beds, to meet, to challenge, and to fight the various rivals led by the
same impulse to the arena. The male is at this season attired in his
full dress, and enacts his part in a manner not surpassed in pomposity
by any other bird. Imagine them assembled, to the number of twenty, by
day-break, see them all strutting in the presence of each other, mark
their consequential gestures, their looks of disdain, and their angry
pride, as they pass each other. Their tails are spread out and inclined
forwards, to meet the expanded feathers of their neck, which now,
like stiffened frills, lie supported by the globular orange-coloured
receptacles of air, from which their singular booming sounds proceed.
Their wings, like those of the Turkey Cock, are stiffened and declined
so as to rub and rustle on the ground, as the bird passes rapidly along.
Their bodies are depressed towards the ground, the fire of their eyes
evinces the pugnacious workings of the mind, their notes fill the air
around, and at the very first answer from some coy female, the heated
blood of the feathered warriors swells every vein, and presently the
battle rages. Like Game Cocks they strike, and rise in the air to meet
their assailants with greater advantage. Now many close in the encounter;
feathers are seen whirling in the agitated air, or falling around them
tinged with blood. The weaker begin to give way, and one after another
seeks refuge in the neighbouring bushes. The remaining few, greatly
exhausted, maintain their ground, and withdraw slowly and proudly, as
if each claimed the honours of victory. The vanquished and the victors
then search for the females, who believing each to have returned from
the field in triumph, receive them with joy.

It not unfrequently happens that a male already mated is suddenly attacked
by some disappointed rival, who unexpectedly pounces upon him after a
flight of considerable length, having been attracted by the cacklings of
the happy couple. The female invariably squats next to and almost under
the breast of her lord, while he, always ready for action, throws himself
on his daring antagonist, and chases him away never to return. Such is
the moment which I have attempted to represent in the plate which you
will find in the second volume of my "Illustrations."

In such places in the Western country as I have described, the "Prairie
Hen" is heard "booming" or "tooting" not only before break of day, but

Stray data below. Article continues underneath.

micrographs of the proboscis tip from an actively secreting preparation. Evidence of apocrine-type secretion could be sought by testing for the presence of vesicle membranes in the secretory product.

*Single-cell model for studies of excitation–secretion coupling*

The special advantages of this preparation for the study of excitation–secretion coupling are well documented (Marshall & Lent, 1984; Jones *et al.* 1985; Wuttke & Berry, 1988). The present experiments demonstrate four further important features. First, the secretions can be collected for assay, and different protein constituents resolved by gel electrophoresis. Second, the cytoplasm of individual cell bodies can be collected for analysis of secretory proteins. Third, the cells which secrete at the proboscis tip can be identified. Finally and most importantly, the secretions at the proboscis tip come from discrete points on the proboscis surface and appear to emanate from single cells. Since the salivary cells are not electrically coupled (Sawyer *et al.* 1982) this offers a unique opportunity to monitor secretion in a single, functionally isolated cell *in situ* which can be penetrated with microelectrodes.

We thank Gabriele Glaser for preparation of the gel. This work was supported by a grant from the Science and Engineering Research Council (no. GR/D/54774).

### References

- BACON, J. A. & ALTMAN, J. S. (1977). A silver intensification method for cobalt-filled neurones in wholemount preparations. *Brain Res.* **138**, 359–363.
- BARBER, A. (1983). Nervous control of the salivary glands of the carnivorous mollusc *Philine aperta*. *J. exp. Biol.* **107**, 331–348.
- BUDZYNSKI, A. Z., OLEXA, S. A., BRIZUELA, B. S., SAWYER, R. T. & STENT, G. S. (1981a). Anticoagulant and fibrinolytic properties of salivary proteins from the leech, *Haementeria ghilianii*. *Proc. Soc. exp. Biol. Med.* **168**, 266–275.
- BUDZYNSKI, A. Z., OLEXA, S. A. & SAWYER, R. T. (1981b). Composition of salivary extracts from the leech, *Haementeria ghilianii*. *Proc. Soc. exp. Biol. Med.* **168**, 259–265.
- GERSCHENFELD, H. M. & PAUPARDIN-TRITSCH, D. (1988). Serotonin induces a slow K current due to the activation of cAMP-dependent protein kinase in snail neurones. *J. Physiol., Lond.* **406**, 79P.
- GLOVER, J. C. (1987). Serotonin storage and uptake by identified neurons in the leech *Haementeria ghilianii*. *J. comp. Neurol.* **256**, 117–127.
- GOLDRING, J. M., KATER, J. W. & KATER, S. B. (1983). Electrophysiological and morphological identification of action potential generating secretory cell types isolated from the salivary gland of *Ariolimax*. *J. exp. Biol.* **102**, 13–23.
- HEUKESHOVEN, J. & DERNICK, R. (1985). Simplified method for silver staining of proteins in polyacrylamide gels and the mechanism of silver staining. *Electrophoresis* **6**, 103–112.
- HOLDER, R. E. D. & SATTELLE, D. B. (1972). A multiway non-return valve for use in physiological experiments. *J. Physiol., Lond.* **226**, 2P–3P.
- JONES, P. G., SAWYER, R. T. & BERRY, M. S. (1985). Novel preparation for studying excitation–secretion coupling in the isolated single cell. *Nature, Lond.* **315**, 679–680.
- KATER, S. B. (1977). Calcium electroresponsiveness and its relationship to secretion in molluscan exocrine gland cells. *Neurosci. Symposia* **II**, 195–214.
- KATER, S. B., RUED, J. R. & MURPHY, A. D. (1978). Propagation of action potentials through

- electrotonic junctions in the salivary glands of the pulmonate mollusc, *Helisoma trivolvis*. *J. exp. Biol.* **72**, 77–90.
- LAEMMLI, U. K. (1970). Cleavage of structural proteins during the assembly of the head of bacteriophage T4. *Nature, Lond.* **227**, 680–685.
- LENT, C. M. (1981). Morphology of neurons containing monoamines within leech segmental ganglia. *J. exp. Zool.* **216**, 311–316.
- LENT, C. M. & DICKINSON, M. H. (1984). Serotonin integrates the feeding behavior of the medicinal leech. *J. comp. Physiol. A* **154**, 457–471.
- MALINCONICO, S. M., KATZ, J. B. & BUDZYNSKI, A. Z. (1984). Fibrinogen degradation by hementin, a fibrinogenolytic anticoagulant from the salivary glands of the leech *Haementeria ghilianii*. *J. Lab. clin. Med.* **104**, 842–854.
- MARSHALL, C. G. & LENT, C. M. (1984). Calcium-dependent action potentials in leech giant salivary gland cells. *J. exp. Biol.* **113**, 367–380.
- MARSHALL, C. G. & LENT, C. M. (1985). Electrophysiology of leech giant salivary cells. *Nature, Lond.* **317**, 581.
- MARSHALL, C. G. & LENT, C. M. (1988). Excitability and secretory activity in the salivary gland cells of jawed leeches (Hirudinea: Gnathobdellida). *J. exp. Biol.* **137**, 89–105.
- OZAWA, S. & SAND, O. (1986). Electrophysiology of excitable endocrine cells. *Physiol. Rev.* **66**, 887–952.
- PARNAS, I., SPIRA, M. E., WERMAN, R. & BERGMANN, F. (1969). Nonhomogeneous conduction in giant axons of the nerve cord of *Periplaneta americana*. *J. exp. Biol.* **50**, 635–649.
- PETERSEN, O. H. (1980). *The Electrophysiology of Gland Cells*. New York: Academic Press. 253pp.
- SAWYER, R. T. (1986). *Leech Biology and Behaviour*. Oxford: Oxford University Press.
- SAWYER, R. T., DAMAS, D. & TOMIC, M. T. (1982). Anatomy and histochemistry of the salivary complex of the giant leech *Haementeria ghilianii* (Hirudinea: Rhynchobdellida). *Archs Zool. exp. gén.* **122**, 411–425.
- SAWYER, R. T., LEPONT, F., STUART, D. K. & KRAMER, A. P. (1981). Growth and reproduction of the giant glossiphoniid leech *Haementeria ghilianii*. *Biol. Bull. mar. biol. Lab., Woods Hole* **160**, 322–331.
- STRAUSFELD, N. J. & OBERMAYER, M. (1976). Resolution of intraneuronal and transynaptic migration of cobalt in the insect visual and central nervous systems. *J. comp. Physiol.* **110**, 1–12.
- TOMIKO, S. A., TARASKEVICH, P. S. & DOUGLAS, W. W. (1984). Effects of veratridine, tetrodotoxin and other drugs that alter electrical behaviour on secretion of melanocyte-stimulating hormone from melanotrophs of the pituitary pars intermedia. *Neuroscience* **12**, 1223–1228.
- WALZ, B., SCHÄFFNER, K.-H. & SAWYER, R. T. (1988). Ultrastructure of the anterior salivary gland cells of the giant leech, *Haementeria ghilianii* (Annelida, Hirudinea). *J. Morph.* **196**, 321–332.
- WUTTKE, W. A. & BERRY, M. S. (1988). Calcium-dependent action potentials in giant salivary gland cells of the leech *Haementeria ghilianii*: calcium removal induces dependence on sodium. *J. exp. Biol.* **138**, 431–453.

frequently at all hours from morning until sunset; but in districts where
these birds have become wild in consequence of the continual interference
of man, they are seldom heard after sunrise, sometimes their meetings are
noiseless, their battles are much less protracted or of less frequent
occurrence, and their beats or scratching grounds are more concealed.
Many of the young males have battles even in autumn, when the females
generally join, not to fight, but to conciliate them, in the manner of
the Wild Turkeys.

The Pinnated Grous forms its nest, according to the latitude of the place,
between the beginning of April and the 25th of May. In Kentucky I have
found it finished and containing a few eggs at the period first mentioned,
but I think, taking the differences of seasons into consideration, the
average period may be about the first of May. The nest although carelessly
formed of dry leaves and grasses, interwoven in a tolerably neat manner,
is always carefully placed amidst the tall grass of some large tuft, in
the open ground of the Prairies, or at the foot of a small bush in the
barren lands. The eggs are from eight to twelve, seldom more, and are
larger than those of the _Tetrao umbellus_, although nearly of the same
colour. The female sits upon them eighteen or nineteen days, and the
moment the young have fairly disengaged themselves, leads them away from
the nest, when the male ceases to be seen with her. As soon as autumn is
fairly in, the different families associate together and at the approach
of winter I have seen packs composed of many hundred individuals.

When surprised, the young squat in the grass or weeds, so that it is